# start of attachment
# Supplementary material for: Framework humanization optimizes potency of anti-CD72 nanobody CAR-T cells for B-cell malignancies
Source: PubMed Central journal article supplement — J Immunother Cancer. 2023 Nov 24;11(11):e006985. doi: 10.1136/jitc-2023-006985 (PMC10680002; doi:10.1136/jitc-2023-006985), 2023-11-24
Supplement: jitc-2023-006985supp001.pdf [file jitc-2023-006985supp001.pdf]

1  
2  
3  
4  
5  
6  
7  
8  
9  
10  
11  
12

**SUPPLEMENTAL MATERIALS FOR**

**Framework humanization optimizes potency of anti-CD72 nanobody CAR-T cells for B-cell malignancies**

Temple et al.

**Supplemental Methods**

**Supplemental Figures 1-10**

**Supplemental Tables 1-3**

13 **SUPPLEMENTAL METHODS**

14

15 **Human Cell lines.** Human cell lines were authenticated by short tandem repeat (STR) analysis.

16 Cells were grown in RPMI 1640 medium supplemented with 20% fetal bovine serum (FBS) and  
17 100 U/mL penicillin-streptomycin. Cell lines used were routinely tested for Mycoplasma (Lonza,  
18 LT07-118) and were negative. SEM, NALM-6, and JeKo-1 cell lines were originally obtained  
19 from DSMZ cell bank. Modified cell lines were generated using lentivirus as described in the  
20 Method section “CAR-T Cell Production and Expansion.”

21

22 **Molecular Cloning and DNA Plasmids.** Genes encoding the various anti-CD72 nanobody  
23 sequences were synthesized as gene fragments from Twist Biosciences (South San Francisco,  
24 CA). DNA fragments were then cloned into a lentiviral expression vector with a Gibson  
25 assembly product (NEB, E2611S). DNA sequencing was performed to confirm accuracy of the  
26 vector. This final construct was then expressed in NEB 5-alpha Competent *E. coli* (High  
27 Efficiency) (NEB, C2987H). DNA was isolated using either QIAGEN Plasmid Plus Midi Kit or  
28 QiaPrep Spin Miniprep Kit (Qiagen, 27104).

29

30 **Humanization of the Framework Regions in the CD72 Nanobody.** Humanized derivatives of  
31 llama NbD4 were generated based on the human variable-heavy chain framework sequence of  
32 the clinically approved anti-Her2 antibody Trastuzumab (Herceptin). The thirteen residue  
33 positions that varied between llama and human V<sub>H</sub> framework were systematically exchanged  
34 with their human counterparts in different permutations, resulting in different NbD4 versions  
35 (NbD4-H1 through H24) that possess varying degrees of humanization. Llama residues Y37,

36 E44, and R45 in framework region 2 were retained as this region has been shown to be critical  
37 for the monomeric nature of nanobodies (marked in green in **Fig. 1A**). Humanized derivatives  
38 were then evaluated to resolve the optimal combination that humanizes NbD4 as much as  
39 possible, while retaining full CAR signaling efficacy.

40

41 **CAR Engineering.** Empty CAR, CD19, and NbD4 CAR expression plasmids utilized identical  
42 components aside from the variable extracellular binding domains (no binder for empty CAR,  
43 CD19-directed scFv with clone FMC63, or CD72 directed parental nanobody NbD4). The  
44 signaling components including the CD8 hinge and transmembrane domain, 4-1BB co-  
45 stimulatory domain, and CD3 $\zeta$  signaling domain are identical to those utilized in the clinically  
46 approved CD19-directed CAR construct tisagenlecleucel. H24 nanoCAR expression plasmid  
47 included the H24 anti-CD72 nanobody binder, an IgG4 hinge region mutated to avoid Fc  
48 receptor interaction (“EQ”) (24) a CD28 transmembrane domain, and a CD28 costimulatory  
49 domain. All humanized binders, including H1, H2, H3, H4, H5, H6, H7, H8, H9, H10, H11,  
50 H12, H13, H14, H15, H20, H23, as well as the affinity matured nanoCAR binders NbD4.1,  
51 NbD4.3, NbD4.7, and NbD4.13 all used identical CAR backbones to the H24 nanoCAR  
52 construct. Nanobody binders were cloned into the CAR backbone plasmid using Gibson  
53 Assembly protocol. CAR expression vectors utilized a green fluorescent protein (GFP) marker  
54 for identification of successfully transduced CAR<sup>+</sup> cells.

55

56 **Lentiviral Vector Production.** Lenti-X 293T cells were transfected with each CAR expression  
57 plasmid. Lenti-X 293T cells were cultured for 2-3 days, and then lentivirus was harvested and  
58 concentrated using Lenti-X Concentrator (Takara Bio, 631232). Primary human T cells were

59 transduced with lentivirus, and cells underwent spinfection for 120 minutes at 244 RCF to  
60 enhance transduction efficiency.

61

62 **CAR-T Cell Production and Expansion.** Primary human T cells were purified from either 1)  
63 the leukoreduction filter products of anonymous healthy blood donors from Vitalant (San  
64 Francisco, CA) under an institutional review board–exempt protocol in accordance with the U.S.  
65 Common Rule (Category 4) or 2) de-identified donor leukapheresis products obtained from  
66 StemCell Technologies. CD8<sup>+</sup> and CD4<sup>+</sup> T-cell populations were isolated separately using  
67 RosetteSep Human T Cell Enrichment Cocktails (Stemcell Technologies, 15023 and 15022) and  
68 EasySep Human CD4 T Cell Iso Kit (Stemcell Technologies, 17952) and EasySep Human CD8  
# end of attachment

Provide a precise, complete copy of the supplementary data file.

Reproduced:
# Supplementary material for: Framework humanization optimizes potency of anti-CD72 nanobody CAR-T cells for B-cell malignancies
Source: PubMed Central journal article supplement — J Immunother Cancer. 2023 Nov 24;11(11):e006985. doi: 10.1136/jitc-2023-006985 (PMC10680002; doi:10.1136/jitc-2023-006985), 2023-11-24
Supplement: jitc-2023-006985supp001.pdf [file jitc-2023-006985supp001.pdf]

1  
2  
3  
4  
5  
6  
7  
8  
9  
10  
11  
12

**SUPPLEMENTAL MATERIALS FOR**

**Framework humanization optimizes potency of anti-CD72 nanobody CAR-T cells for B-cell malignancies**

Temple et al.

**Supplemental Methods**

**Supplemental Figures 1-10**

**Supplemental Tables 1-3**

13 **SUPPLEMENTAL METHODS**

14

15 **Human Cell lines.** Human cell lines were authenticated by short tandem repeat (STR) analysis.

16 Cells were grown in RPMI 1640 medium supplemented with 20% fetal bovine serum (FBS) and  
17 100 U/mL penicillin-streptomycin. Cell lines used were routinely tested for Mycoplasma (Lonza,  
18 LT07-118) and were negative. SEM, NALM-6, and JeKo-1 cell lines were originally obtained  
19 from DSMZ cell bank. Modified cell lines were generated using lentivirus as described in the  
20 Method section “CAR-T Cell Production and Expansion.”

21

22 **Molecular Cloning and DNA Plasmids.** Genes encoding the various anti-CD72 nanobody  
23 sequences were synthesized as gene fragments from Twist Biosciences (South San Francisco,  
24 CA). DNA fragments were then cloned into a lentiviral expression vector with a Gibson  
25 assembly product (NEB, E2611S). DNA sequencing was performed to confirm accuracy of the  
26 vector. This final construct was then expressed in NEB 5-alpha Competent *E. coli* (High  
27 Efficiency) (NEB, C2987H). DNA was isolated using either QIAGEN Plasmid Plus Midi Kit or  
28 QiaPrep Spin Miniprep Kit (Qiagen, 27104).

29

30 **Humanization of the Framework Regions in the CD72 Nanobody.** Humanized derivatives of  
31 llama NbD4 were generated based on the human variable-heavy chain framework sequence of  
32 the clinically approved anti-Her2 antibody Trastuzumab (Herceptin). The thirteen residue  
33 positions that varied between llama and human V<sub>H</sub> framework were systematically exchanged  
34 with their human counterparts in different permutations, resulting in different NbD4 versions  
35 (NbD4-H1 through H24) that possess varying degrees of humanization. Llama residues Y37,

36 E44, and R45 in framework region 2 were retained as this region has been shown to be critical  
37 for the monomeric nature of nanobodies (marked in green in **Fig. 1A**). Humanized derivatives  
38 were then evaluated to resolve the optimal combination that humanizes NbD4 as much as  
39 possible, while retaining full CAR signaling efficacy.

40

41 **CAR Engineering.** Empty CAR, CD19, and NbD4 CAR expression plasmids utilized identical  
42 components aside from the variable extracellular binding domains (no binder for empty CAR,  
43 CD19-directed scFv with clone FMC63, or CD72 directed parental nanobody NbD4). The  
44 signaling components including the CD8 hinge and transmembrane domain, 4-1BB co-  
45 stimulatory domain, and CD3 $\zeta$  signaling domain are identical to those utilized in the clinically  
46 approved CD19-directed CAR construct tisagenlecleucel. H24 nanoCAR expression plasmid  
47 included the H24 anti-CD72 nanobody binder, an IgG4 hinge region mutated to avoid Fc  
48 receptor interaction (“EQ”) (24) a CD28 transmembrane domain, and a CD28 costimulatory  
49 domain. All humanized binders, including H1, H2, H3, H4, H5, H6, H7, H8, H9, H10, H11,  
50 H12, H13, H14, H15, H20, H23, as well as the affinity matured nanoCAR binders NbD4.1,  
51 NbD4.3, NbD4.7, and NbD4.13 all used identical CAR backbones to the H24 nanoCAR  
52 construct. Nanobody binders were cloned into the CAR backbone plasmid using Gibson  
53 Assembly protocol. CAR expression vectors utilized a green fluorescent protein (GFP) marker  
54 for identification of successfully transduced CAR<sup>+</sup> cells.

55

56 **Lentiviral Vector Production.** Lenti-X 293T cells were transfected with each CAR expression  
57 plasmid. Lenti-X 293T cells were cultured for 2-3 days, and then lentivirus was harvested and  
58 concentrated using Lenti-X Concentrator (Takara Bio, 631232). Primary human T cells were

59 transduced with lentivirus, and cells underwent spinfection for 120 minutes at 244 RCF to  
60 enhance transduction efficiency.

61

62 **CAR-T Cell Production and Expansion.** Primary human T cells were purified from either 1)  
63 the leukoreduction filter products of anonymous healthy blood donors from Vitalant (San  
64 Francisco, CA) under an institutional review board–exempt protocol in accordance with the U.S.  
65 Common Rule (Category 4) or 2) de-identified donor leukapheresis products obtained from  
66 StemCell Technologies. CD8<sup>+</sup> and CD4<sup>+</sup> T-cell populations were isolated separately using  
67 RosetteSep Human T Cell Enrichment Cocktails (Stemcell Technologies, 15023 and 15022) and  
68 EasySep Human CD4 T Cell Iso Kit (Stemcell Technologies, 17952) and EasySep Human CD8  